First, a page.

TMS – for safe and efficient ROV operation

Original version of this article was printed in the Norwegian magazine DYP, available here: ffu-nr-2-2024-lav-sider.pdf (dbs87poc94jww.cloudfront.net).

 

TMSs generally receive little attention compared to ROVs, but they are still an important element for achieving efficient and safe ROV operations.

What is a TMS

A TMS, or Tether Management System, is a subsea winch with a nearly weight-neutral cable, the primary purpose of which is to give the ROV the greatest possible freedom for manoeuvring and job execution. The TMS and ROV are launched and lowered to working depth using a steel-reinforced lifting cable. On some occasions, it is appropriate to operate the ROV without using a TMS, such as in connection with seabed mapping and pipe inspection where highest possible speed over long distances is crucial. In such cases, the ROV operates with a large offset to the mother vessel, which makes the use of TMS challenging. For most missions with work-class ROVs, the use of TMS is important for many reasons.

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Why TMS

It goes without saying that for an ROV that is to perform delicate operations with a manipulator or other tools, it is important to have the greatest possible stability and freedom for manoeuvring, especially if you are going into structures or other places with difficult access. The fact that the ROV can use its forces for positioning instead of pulling on a heavy steel-reinforced cable has major advantages.

Operations with TMS also increase safety, especially in connection with launching and recovery operations. The ROV is approximately weight-neutral in water, when it hits the water it will initially float. It is then a great advantage with TMS, which often weighs 2-3 tons in water.  The TMS will quickly press the ROV down into the water and reduce the risk of slack lifting cable with the resulting unwanted snap forces in the cable. Furthermore, the TMS will contribute to getting down to working depth faster, which can contribute to significant time savings, especially in connection with deep-sea operations down to 6000m sea depth.

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Hydraulic vs. Electric TMS

Kystdesign is currently testing out its two newly developed electric TMSs which are part of the ZEEROV systems to be mobilized on the new USVs, unmanned surface vessels, to Reach Subsea. These TMSs are very compact to be used on board the USV vessels which are only 24m long. Kystdesign has previously developed TMS with hydraulic motors for drum drive, tension wheel and latch, but for this delivery it was too big, and we had to think anew. The interaction between drum drive and tension wheel is important to achieve gentle handling of the cable, as well as correct winding on the drum. It is also important that you have enough power to pull in a possibly “dead” ROV, but at the same time it should have a load limit so that it winds out if this limit is exceeded. This shows that interaction and correct configuration of the motors are crucial for good operational safety and long cable life. And this is where the electric motors come into their own, as they have several regulatory technical advantages that hydraulic motors do not have. The inverter controls that we have developed for both thrusters and TMS motors provide full control of both speed and moments, which provides better regulation options compared to the use of hydraulic motors and valves. As an extra safety measure, we have a load cell on all our TMSs that continuously measures tensile force in the cable. This was originally intended as a safety function, but in practice this is something the operators actively use to assess the need for in/out winding of the tether in the operation.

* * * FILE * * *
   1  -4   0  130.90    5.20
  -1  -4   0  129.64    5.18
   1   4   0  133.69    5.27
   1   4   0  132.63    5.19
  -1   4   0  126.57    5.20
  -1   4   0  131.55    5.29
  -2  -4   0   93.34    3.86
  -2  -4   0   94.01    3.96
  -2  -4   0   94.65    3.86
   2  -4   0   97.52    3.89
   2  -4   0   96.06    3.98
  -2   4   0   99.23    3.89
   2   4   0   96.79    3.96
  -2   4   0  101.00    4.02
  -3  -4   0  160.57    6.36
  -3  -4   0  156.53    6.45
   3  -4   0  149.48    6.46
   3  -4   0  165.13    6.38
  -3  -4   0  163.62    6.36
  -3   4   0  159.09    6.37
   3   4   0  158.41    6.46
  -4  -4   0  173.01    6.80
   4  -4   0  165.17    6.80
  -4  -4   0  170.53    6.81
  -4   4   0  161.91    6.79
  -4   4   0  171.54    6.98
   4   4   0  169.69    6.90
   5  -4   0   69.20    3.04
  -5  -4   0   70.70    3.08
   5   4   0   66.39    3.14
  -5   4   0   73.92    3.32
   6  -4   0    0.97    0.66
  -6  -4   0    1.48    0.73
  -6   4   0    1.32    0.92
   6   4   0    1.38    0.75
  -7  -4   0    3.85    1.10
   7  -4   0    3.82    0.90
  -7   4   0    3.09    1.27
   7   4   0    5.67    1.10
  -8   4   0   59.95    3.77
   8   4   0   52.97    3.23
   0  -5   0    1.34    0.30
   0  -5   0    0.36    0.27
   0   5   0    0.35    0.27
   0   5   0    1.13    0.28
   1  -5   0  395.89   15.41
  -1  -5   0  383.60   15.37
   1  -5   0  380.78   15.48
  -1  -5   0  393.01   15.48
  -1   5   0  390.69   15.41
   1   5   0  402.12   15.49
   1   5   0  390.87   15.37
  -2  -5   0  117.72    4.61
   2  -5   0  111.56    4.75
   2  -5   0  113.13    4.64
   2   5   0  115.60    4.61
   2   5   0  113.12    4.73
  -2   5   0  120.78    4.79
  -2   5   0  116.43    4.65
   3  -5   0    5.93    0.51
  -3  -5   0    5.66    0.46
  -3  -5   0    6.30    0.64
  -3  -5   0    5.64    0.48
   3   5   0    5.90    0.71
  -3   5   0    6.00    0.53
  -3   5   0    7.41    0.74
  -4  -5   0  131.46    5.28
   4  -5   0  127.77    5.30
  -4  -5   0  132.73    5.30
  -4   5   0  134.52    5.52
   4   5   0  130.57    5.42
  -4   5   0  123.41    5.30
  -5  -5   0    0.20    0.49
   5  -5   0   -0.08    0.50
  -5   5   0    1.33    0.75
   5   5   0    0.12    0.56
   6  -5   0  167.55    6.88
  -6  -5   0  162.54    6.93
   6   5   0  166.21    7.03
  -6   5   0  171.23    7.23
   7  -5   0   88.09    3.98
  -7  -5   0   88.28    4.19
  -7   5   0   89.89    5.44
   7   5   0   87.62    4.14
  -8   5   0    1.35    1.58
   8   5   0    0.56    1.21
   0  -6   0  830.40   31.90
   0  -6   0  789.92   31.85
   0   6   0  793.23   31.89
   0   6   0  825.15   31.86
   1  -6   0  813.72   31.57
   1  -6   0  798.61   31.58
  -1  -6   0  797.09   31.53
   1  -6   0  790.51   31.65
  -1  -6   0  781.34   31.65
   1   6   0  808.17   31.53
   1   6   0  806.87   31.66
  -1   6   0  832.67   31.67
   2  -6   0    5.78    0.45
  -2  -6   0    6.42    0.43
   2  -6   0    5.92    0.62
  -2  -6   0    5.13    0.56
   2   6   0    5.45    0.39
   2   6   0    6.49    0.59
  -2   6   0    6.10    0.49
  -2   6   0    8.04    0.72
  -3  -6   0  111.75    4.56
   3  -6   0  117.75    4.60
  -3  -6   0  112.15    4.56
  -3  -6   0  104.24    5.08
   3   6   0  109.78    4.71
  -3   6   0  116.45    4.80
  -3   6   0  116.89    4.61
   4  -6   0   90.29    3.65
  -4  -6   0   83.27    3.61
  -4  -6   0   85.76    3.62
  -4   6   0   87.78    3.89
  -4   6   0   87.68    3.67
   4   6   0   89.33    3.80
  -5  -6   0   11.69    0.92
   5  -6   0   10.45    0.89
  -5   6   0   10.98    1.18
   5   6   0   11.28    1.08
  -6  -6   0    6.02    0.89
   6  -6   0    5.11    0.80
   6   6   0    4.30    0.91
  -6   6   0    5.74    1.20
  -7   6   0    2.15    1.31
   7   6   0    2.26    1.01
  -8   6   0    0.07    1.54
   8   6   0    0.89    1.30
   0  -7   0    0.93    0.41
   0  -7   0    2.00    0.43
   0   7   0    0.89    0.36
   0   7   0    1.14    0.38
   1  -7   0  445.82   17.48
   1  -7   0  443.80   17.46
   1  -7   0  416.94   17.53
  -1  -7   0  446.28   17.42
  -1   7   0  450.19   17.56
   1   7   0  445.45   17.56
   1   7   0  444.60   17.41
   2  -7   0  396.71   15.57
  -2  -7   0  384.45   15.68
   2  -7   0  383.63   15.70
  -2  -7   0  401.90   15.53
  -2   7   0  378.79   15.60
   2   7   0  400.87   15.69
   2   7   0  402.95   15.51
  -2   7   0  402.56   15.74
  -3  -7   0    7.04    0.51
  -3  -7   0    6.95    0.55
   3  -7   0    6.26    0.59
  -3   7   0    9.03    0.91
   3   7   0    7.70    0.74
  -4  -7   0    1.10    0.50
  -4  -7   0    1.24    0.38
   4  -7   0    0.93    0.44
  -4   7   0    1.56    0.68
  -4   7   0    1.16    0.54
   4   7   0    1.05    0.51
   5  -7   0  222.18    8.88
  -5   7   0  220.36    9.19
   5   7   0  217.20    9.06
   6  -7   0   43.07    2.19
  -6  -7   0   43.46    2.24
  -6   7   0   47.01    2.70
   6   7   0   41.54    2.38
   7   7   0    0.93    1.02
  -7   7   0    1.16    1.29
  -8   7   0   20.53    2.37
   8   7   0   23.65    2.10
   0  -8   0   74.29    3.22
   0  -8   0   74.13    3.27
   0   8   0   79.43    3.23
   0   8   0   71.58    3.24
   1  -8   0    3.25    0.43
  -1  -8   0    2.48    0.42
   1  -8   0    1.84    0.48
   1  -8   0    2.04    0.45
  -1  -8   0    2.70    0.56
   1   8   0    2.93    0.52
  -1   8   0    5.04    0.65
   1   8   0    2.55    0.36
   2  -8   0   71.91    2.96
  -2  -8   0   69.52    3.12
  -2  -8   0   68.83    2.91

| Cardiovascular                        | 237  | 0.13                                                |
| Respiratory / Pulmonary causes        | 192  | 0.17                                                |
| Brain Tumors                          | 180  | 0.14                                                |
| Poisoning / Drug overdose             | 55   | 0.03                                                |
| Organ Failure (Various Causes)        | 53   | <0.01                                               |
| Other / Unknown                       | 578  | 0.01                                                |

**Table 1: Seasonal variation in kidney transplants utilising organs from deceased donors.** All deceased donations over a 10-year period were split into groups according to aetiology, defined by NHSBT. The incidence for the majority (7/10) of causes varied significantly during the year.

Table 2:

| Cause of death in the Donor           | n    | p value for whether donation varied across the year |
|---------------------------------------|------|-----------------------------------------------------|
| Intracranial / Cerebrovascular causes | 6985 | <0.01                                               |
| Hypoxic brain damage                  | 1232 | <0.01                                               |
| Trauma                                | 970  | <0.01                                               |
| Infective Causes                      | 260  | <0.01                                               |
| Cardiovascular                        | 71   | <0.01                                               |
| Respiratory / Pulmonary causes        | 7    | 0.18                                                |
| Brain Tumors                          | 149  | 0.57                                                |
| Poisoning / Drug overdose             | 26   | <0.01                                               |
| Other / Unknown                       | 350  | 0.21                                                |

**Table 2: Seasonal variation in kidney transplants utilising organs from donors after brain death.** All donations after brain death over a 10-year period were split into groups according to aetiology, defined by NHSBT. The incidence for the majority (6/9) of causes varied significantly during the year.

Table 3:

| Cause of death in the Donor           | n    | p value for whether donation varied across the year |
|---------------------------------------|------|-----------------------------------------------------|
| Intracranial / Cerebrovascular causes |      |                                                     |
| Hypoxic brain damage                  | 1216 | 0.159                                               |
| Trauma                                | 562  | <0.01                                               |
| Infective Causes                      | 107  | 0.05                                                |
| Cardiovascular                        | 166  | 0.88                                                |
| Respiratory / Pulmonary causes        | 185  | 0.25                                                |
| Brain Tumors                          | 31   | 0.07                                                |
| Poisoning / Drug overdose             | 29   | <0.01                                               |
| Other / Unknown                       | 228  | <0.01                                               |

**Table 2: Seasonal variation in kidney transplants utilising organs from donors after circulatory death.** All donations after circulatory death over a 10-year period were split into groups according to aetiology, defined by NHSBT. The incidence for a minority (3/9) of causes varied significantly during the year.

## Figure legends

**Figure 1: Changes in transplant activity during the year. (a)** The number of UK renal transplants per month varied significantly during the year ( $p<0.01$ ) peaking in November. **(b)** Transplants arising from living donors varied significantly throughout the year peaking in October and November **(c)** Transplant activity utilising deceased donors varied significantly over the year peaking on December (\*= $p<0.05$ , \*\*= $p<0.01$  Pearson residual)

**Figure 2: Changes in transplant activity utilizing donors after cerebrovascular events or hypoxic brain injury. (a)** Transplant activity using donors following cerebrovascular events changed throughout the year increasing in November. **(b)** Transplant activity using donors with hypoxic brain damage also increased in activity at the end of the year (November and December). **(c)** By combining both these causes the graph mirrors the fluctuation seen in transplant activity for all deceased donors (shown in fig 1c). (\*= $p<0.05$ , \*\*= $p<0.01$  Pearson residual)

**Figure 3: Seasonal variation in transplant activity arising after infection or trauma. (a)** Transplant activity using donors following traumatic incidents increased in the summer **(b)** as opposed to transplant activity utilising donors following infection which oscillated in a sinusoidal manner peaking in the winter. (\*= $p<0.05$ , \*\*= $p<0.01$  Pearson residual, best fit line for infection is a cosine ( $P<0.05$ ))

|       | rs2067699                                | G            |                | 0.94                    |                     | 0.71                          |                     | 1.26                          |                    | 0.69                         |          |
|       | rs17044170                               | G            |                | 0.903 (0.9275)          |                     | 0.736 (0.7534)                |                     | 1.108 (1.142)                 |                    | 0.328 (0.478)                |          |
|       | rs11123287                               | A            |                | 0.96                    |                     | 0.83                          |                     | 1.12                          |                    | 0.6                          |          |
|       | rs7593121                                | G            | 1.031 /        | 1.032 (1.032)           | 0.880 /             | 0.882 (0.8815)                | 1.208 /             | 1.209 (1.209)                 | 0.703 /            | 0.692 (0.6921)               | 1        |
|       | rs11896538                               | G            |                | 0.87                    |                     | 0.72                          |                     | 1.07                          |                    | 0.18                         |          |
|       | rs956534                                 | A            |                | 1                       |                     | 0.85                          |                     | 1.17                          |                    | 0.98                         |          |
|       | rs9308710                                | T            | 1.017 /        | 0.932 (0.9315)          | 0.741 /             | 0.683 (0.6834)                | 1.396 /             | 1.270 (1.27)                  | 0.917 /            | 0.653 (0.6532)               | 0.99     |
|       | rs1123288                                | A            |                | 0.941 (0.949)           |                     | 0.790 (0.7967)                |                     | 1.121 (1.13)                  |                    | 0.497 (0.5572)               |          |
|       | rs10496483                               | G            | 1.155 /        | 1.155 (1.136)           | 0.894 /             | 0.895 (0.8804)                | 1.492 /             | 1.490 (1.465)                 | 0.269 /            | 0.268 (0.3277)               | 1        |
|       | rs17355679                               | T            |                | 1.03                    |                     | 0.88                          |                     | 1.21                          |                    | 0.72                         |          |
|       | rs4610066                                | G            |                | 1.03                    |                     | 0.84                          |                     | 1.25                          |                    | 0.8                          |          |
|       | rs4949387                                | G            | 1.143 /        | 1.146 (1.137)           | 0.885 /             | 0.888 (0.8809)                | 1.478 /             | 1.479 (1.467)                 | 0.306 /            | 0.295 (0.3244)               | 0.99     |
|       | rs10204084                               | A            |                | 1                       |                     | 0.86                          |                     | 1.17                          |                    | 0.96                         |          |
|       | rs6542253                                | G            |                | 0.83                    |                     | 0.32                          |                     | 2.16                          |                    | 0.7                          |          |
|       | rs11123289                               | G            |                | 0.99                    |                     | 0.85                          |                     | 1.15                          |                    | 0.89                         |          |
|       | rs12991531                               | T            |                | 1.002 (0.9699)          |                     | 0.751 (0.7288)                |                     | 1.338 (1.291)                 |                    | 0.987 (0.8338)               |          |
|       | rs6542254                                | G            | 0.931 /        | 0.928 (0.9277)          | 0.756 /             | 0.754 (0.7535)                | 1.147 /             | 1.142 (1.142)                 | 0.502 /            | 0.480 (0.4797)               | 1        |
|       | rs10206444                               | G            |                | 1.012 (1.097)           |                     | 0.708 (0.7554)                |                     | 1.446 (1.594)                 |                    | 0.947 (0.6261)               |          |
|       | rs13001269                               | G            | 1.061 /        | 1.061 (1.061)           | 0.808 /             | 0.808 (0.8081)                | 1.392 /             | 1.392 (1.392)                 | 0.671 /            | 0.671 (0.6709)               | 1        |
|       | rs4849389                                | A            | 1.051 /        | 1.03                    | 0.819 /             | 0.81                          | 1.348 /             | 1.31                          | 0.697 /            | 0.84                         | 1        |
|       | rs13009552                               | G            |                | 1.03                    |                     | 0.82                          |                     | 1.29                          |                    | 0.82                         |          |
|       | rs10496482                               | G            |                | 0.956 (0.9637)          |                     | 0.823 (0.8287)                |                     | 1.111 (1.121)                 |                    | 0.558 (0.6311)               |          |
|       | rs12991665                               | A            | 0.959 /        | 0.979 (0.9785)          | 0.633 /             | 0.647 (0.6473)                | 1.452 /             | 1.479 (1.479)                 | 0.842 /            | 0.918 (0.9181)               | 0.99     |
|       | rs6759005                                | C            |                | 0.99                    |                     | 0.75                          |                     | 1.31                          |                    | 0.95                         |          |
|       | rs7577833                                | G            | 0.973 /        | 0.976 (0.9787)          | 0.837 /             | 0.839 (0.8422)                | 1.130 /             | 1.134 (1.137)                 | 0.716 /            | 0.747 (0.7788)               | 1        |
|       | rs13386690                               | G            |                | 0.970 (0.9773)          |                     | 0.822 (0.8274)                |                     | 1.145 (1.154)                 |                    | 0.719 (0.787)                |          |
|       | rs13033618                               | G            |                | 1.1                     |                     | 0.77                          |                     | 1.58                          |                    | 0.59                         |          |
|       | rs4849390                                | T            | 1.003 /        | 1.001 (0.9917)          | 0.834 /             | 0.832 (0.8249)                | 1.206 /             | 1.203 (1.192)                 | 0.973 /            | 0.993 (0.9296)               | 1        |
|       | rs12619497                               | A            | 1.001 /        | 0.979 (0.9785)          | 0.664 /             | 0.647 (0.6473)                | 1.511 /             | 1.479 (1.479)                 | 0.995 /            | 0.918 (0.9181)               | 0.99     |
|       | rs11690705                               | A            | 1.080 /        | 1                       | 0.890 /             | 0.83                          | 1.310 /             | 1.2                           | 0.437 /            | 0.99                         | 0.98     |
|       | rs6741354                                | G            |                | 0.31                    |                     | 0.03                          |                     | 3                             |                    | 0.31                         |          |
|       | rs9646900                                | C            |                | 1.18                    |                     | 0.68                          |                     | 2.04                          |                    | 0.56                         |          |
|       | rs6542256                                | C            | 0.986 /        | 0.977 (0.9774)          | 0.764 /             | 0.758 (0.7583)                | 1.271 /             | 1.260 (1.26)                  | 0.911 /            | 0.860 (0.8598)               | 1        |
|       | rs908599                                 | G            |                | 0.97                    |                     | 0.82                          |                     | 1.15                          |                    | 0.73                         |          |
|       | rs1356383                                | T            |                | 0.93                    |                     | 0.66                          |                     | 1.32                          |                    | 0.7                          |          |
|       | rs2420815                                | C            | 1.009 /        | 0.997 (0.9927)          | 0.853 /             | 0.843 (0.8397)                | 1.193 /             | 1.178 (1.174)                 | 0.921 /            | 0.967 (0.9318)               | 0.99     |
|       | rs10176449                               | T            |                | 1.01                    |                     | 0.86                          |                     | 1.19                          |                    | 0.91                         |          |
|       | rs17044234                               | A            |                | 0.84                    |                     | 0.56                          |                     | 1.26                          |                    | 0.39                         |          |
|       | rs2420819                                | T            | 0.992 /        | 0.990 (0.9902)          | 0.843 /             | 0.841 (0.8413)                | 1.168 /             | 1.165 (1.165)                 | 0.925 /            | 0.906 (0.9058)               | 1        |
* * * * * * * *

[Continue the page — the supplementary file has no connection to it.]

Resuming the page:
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Future TMS

Kystdesign has found that working towards various subsea industries can be very developing. Deliveries to marine research make up a small part of our turnover, but at the same time constitute a significant driver for our technology. The biggest technological leap marine research has contributed to is the further development of ROV and TMS adapted for operations down to 6000m depth. Other functionality that has come through this collaboration is a tool drawer on TMS as well as light and camera booms on the TMS frame that enable observation of ROV operations from a bird’s eye view.

As it becomes more common to operate the ROVs from a control centre on land and that the ROVs can also operate from unmanned boats for long periods without supervision, the market for a tool magazine on the TMS may become even more relevant.

As mentioned earlier, TMS perhaps undeservedly receives little attention compared to ROV. Today it is an important piece for carrying out successful ROV operations. Perhaps it could become an even more important factor for streamlining future ROV operations.

Kystdesign’s vision is to “simplify and improve global ROV operations”, the TMS is definitely an important element in this context.

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